More than half of the women in the US are plus-size, with 67% wearing a size 14 or larger.
According to the Centers for Disease Control and Prevention, the average American woman’s measurements equate to a size 14, while others have it higher than that.
ModCloth, along with Paradigm Sample, conducted a survey of 1,500 US women aged 18 to 44 years old and found that more than 50% of women wore a size 16 or larger in some stores. The number of women who wore a size 16 was larger than those who wore sizes 0, 2, and 4 combined, according to the survey.
Of those women 92% agreed with the statement that, “I get upset when I can't find cute clothes in my size.” Coupled with that fact, 81% of women said that they would spend more if there were more options in their size and 88% said they would buy more if there were trendier options.
Brands are looking to step into that space and deliver apparel to a consumer base that have been severely passed over. The size of the industry surely backs it up: plus-size apparel is a $20.4 billion market growing 17% year over year versus 7% for non-plus size apparel.
Brands are making moves into plus-size clothing
Sports retailer Nike has stepped into the plus-size space. With everything from t-shirts, to sports bras, to leggings, the athletic apparel brand has expanded their sizes. In a statement, Nike said, “Athletes have a desire to get the best fit and function in their apparel. They also want to feel good. This is why Nike is delivering the most robust range of sizes for women in more colors and styles than ever before. From a 1X to 3X, Nike’s expanded Plus-Size collection is crafted to ensure the perfect fit at every size.”
Stitch Fix, the online personal styling service that mails you clothes that you decide to keep and buy or send back, expanded to include plus-size clothing in February. They now are carrying more than 90 brands and include sizes 14W through 24W and 1X through 3X. Previously, the largest size that the service provided was a 16 or XXL. According to Stitch Fix, there were more than 75,000 women on the waitlist for the larger size options.
However, accepting all body shapes isn’t a new trend in marketing, Dove has been promoting body acceptance through the Dove Campaign for Real Beauty since 2004. With campaigns such as #BeautyIs and #MyBeautyMySay over the years, Dove has encouraged women, especially young women, to embrace their body no matter its size.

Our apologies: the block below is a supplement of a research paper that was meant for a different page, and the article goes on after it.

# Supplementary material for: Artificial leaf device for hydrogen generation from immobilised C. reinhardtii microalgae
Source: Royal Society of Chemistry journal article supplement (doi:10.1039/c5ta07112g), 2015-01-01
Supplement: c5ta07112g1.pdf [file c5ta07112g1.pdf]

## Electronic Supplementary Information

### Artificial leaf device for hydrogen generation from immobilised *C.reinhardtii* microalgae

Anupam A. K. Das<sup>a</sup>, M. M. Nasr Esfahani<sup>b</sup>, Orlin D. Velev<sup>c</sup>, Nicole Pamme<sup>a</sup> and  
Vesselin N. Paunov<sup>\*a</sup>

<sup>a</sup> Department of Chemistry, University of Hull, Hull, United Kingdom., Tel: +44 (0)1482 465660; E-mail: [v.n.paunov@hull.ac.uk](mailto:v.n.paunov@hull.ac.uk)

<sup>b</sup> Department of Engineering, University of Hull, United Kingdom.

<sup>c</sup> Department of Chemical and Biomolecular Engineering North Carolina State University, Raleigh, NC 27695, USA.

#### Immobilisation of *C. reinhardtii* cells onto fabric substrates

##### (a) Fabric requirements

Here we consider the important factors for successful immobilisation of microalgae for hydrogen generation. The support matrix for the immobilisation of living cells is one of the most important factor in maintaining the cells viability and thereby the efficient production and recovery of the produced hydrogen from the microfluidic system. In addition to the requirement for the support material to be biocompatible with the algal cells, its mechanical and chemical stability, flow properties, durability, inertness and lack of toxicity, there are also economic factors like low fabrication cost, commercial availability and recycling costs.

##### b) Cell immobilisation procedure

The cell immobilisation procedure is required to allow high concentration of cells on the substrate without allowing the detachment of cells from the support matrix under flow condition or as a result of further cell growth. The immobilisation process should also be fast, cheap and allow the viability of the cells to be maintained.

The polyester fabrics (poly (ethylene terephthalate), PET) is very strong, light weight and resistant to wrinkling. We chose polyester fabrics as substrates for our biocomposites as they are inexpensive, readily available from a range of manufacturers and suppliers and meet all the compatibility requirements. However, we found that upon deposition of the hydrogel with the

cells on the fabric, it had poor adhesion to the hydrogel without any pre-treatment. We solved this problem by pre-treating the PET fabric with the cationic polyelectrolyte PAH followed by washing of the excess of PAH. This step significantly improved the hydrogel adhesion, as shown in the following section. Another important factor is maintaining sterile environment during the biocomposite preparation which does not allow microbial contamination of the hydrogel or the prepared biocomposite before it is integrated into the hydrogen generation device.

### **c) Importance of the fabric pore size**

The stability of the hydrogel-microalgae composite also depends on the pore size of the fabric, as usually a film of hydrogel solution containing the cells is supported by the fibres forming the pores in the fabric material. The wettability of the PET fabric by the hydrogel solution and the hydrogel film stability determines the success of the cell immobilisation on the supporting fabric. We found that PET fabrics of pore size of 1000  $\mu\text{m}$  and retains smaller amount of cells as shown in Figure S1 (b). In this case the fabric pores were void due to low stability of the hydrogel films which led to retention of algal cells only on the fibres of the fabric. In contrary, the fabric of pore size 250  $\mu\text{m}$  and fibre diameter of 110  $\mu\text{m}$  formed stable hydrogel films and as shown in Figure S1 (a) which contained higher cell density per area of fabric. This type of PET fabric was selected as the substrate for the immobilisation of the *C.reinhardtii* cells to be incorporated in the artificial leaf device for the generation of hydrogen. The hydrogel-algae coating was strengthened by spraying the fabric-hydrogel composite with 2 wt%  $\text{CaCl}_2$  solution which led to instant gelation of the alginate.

Interestingly, Amazon is hiring a Senior Brand Manager, Plus-Size Fashion. The posting writes, “Amazon is looking for a passionate, industry veteran, with the proven ability to create credible fashion assortments and establish a strong point of view to lead the product and merchandising strategy for one or more brands within Softlines Private Label. Ideally, the successful candidate will leverage experience and established relationships in the fashion space to build strong product assortments.”
Others are just getting it wrong
In February, Zara was criticized for its recent “Love Your Curves” campaign. The ads, which feature two very thin girls in blue jeans, have been attacked for not showing curves at all. In addition to only going up to a size 18, Zara seems to have used the same type of models and thus missed the plus-size market altogether.
In 2016, ASOS got called out by its followers on Instagram around plus-size models. In a post, they called a model “plus-size” and many reacted saying that she couldn’t be regarded as plus-size and the brand should remove the wording altogether. After fixing the verbiage, to make it “Model and travel film-maker @NaomiShimada is all over this season’s fave ASOS slip dress. #AsSeenOnMe.” ASOS also responded to individual commenters, writing: “You’re right, that label sucks. We’ve amended the post.”